I commend this author for wanting to get an honest appraisal, but it troubled me that he felt ready for an editor so early in the game. Judging from his blurb, he needed critique partners, not an editor.

Part of me wanted to write him and suggest he find a critique group first. But I was afraid he'd probably snarl at my insolence. Authors are inherently very protective of their work.

It's the same with cover artists, editors, and even agents. All of us have to start somewhere, but it shouldn't necessarily be front and center until we're ready for our closeups. There's no dishonor for starting at the bottom.

I don't blame the author of the Craigslist ad. I'm sure all of us have been in that position where we thought we were ready, only to find out later we weren't. It's just that in this day and age, it's hard for me to believe there are still people who don't take advantage of the many writing communities, classes, and agent blogs out there. You can't help but trip over all the resources available.

Much as I grouse about the internet, it's provided a wealth of education and experience, free for the searching.

Do you still run into people who seem clueless about this industry or do you think this was an isolated incident?

***

Is traditional publishing in the middle of another firestorm? It started with a cached post about an author at Harper Collins who disclosed the pitiful amount she earned. (Cached because she had to take it down from her blog within hours.)

The Passive Voice linked to it--but the kicker was when the CEO of Kensington, Steve Zacharius commented on the post, repeatedly trying to make his case. 

It was then another author posted about his experience about the poor business practices applied by Kensington. 

JA Konrath entered into the fray the other day when he answered some of the questions Kensington's CEO posed during his comment stream to indie authors.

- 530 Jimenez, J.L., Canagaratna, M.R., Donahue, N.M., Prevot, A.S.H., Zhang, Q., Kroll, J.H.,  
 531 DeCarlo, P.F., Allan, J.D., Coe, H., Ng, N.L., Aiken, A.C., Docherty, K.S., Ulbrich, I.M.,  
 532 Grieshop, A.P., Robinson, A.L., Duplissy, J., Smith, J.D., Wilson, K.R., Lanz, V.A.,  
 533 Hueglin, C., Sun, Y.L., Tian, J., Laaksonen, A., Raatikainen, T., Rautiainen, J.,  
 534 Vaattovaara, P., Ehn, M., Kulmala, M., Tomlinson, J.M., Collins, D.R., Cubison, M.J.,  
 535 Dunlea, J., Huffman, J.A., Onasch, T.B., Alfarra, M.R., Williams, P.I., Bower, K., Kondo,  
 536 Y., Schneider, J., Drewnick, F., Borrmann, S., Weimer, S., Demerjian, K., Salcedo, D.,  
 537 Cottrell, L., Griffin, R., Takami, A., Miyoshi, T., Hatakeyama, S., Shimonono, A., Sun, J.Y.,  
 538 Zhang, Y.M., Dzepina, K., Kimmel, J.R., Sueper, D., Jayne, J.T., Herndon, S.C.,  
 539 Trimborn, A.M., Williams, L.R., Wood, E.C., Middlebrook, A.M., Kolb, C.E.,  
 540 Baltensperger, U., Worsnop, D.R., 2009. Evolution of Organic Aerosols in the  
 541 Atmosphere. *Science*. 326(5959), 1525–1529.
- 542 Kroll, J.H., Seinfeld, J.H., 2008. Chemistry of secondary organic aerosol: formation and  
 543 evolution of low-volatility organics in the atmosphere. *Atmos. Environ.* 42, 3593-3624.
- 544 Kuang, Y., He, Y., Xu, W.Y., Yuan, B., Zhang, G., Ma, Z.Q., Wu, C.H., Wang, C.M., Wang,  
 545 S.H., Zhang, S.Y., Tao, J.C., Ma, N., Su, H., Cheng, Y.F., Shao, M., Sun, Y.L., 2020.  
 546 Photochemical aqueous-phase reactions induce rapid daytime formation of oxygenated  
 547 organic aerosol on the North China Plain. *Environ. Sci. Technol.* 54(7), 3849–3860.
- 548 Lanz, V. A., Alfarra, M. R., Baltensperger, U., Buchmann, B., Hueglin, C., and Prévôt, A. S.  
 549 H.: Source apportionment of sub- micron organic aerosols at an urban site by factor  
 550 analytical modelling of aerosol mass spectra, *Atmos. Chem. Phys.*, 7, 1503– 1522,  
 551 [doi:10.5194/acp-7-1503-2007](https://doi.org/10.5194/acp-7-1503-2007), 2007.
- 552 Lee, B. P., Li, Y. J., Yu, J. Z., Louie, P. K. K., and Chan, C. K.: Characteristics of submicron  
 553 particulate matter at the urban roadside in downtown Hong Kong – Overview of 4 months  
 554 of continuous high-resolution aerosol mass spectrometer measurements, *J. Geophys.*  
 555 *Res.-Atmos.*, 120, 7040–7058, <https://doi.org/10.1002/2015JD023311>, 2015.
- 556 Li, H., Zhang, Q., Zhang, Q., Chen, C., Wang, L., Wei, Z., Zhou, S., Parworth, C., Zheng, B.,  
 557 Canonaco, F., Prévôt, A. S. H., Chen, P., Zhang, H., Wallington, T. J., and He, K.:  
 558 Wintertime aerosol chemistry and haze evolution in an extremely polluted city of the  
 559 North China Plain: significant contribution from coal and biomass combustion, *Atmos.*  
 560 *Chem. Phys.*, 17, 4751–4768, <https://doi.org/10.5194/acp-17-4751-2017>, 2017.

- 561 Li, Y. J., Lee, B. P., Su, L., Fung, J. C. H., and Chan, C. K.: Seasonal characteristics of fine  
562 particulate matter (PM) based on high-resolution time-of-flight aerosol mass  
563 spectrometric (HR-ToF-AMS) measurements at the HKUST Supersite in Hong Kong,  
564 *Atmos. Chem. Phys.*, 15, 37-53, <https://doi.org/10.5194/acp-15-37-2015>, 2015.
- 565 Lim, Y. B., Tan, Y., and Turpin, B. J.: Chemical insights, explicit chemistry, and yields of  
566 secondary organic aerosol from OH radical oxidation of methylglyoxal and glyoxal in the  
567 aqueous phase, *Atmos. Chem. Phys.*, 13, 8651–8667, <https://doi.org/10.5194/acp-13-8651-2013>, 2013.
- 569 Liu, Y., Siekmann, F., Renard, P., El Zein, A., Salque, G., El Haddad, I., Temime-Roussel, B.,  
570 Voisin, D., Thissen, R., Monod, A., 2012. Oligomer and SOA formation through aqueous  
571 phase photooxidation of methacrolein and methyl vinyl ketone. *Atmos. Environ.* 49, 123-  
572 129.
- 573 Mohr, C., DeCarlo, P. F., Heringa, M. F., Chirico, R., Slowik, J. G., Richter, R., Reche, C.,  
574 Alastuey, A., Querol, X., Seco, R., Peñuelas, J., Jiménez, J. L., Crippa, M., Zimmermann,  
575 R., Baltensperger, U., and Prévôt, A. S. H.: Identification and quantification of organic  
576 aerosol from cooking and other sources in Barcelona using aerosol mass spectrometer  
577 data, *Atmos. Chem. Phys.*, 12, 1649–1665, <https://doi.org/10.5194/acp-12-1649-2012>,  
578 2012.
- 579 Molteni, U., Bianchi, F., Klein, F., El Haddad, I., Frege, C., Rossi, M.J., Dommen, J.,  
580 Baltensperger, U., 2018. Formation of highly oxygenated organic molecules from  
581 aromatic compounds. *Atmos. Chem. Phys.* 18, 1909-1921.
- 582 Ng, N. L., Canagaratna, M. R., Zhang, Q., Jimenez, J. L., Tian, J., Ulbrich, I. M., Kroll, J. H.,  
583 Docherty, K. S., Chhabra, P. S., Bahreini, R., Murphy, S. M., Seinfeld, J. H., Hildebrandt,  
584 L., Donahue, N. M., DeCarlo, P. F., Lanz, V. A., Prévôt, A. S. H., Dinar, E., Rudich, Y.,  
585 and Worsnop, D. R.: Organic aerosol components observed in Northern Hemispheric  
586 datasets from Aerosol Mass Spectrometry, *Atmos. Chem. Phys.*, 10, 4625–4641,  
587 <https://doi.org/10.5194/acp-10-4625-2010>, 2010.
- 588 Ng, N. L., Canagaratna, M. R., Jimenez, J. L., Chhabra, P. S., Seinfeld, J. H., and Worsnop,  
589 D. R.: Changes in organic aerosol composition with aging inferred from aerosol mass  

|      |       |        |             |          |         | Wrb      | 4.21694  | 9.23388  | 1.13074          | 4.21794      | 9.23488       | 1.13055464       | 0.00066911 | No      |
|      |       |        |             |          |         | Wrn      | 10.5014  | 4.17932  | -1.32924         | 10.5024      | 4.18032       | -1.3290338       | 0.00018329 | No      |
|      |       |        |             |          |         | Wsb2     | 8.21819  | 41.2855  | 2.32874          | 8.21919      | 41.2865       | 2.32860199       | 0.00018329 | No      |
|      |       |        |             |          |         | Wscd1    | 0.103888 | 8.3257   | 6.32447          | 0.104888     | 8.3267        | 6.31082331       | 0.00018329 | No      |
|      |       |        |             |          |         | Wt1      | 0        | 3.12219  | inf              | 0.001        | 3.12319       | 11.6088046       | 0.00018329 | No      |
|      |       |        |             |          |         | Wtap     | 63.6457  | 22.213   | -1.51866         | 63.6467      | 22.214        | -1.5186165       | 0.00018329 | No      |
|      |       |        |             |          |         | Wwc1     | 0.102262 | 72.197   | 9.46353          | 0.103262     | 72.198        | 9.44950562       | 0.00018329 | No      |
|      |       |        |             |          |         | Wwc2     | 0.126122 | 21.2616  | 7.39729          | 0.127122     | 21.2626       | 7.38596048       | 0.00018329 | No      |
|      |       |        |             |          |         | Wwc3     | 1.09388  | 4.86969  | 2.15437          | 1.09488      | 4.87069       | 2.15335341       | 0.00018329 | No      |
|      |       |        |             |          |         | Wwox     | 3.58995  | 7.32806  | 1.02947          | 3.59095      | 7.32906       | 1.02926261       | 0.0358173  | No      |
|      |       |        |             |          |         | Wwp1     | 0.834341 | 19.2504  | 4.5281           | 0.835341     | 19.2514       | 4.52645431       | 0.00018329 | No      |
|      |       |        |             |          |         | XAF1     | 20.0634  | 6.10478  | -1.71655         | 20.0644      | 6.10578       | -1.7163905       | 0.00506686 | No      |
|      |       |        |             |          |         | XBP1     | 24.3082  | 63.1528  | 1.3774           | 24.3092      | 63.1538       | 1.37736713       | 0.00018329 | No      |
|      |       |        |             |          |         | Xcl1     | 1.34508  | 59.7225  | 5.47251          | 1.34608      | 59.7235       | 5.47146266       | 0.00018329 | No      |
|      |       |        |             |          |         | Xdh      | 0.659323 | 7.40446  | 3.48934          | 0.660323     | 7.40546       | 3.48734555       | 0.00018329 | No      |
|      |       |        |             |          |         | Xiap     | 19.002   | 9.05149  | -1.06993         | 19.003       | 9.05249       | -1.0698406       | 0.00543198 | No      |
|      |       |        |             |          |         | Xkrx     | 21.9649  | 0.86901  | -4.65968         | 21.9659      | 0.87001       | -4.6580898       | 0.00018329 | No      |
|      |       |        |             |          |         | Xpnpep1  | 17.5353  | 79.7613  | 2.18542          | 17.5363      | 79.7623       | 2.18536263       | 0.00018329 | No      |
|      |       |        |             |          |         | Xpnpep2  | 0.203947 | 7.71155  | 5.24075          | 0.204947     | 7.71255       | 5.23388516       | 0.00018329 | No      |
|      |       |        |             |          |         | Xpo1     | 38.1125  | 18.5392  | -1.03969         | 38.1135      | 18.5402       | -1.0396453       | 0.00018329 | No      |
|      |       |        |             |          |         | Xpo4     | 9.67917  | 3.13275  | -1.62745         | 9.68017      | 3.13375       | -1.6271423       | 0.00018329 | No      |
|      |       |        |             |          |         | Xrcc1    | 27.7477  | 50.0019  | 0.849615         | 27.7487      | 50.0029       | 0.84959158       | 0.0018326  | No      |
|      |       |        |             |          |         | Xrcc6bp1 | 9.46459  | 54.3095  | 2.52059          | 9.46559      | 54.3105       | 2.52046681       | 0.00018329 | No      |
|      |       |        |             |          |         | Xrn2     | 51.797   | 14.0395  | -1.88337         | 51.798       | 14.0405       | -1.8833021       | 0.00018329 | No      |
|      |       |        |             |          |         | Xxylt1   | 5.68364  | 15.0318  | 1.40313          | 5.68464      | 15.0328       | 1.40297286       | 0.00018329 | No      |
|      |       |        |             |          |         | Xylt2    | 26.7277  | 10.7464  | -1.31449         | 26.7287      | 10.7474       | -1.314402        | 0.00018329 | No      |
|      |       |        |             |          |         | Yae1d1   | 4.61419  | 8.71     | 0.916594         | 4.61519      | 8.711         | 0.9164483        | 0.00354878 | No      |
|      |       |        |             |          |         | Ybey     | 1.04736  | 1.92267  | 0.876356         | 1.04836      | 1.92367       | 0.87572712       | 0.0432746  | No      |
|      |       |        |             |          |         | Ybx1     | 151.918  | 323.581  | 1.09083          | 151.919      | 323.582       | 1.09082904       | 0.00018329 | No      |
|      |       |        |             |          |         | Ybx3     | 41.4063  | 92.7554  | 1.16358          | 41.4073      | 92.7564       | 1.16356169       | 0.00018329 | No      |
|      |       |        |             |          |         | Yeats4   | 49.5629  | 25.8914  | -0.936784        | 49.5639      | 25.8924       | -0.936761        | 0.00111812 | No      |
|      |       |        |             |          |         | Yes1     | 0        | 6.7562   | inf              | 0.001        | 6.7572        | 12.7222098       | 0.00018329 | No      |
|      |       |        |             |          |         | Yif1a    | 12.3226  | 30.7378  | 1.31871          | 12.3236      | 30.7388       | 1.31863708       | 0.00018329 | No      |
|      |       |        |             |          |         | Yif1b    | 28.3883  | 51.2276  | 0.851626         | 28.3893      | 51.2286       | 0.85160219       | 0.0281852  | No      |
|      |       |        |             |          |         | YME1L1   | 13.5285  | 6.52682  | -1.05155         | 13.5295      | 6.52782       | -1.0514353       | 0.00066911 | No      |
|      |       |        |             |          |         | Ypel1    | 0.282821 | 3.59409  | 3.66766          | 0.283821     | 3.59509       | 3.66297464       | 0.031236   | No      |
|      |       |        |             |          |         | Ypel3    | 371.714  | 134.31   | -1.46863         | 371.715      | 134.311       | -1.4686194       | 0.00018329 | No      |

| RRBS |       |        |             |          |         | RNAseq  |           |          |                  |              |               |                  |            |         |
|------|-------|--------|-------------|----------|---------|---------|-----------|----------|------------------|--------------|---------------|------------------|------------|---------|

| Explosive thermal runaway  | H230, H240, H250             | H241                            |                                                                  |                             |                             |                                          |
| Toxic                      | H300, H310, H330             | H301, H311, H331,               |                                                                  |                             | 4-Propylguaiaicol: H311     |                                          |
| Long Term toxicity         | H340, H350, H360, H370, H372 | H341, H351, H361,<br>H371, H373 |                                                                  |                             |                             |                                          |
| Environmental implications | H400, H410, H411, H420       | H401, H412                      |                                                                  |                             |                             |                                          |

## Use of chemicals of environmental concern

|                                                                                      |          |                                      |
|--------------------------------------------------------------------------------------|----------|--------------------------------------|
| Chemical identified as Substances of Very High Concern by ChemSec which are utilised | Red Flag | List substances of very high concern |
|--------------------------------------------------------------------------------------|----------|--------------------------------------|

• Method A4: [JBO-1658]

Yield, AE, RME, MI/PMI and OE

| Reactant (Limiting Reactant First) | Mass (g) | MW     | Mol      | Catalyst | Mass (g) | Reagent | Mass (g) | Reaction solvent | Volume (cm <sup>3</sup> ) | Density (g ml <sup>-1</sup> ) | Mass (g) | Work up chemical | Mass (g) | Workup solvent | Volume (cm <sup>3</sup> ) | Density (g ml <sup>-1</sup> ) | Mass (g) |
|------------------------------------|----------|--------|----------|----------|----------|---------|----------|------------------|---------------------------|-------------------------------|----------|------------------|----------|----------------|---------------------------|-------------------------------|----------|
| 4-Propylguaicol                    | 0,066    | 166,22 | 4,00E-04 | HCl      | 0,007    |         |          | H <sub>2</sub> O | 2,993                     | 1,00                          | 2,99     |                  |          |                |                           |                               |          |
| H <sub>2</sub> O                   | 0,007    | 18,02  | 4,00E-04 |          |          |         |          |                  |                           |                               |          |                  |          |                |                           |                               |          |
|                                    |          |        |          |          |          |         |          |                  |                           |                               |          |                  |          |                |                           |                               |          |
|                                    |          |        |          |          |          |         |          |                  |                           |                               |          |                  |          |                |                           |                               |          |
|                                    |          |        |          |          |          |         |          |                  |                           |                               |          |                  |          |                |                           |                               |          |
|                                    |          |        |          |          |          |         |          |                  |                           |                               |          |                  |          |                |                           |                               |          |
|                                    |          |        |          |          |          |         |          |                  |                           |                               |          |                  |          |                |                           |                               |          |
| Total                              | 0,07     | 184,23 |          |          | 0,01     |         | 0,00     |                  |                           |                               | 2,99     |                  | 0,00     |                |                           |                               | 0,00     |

It's a lot of reading, but some interesting insights from everyone involved.


Addendum: Harper Collins must have some clout. The link to the cached post has been pulled as well. I had sent the link to friends privately, but now I wish I had copied the post in its entirety. It was very revealing about the state of traditional publishing and how it treats its authors.

Addendum 2: Apparently, there's more than one way to skin a cat. I noticed that Feedly never updates (or deletes) a post once it's been published the first time. So I added Wendy Higgins's blog to my blog reader and there it was. You can only see it in the archive, but it's there. I don't know if other blog readers work this way, but Feedly does.

Monday, January 13, 2014

Polar Opposites

Greg is home and as usual we've been rushing from one chore to the next. The weather's been beautiful--and warm (sorry northern North America). We've been taking advantage of the good weather, trying to get as many outdoor jobs done while we can. 

Whenever Greg is home I have to wonder what it'll be like when he's home for good. For fourteen years (out of 39), we've had a part time marriage.  Sparks fly when we're reunited--and not necessarily the lovey-dovey sparks, but the fire and damnation kind of sparks.

To be fair, it was like this when we lived together too. We're both just naturally hot-tempered--him with his loud and very Italian personality, and me with my quiet "I'll kill you with my laser-vision" wrath.

When we agree on things, there is no stopping us. We can move mountains. But Lord help us when we disagree. 

I've threatened several times to start a new blog series called: "What my crazy husband did THIS time". Personally, I think it would be a hit. Every time we start a project together, it never turns out the way we had planned.

For one thing, we work differently. I'm very straight-forward. We do this, and this, and this, and don't stop until we're done.

Greg is more of a, hey, I didn't know I had this tool. Cool! And, oh look, there's that frankenheimer I've been looking for, but darn, it's broke. Let me go fix this NOW because it's obviously more important than the task Maria has been planning for more than three weeks.

You get the idea.

I think my penance on earth is to keep Greg on track. I send him emails weeks in advance, telling him what's on the agenda when he gets home. I used to wing it, but I've learned the hard way that my darling husband remembers things far differently than how I thought we discussed them. 

Much as his working style drives me insane, I can't fault his results. No one I know is as brilliant as he is when it comes to figuring things out--especially of the math and mechanical variety. I don't have those kind of smarts.

But lest ye think I bring nothing to the party, I pride myself on being an excellent mule...with a clipboard.

Do you work differently than your significant other? Do sparks fly for you too?


Monday, January 6, 2014

State of the Homestead

It's been a while since we've done a state of the homestead report. It's generally pretty quiet during the winter months, but things have been hopping on the animal front.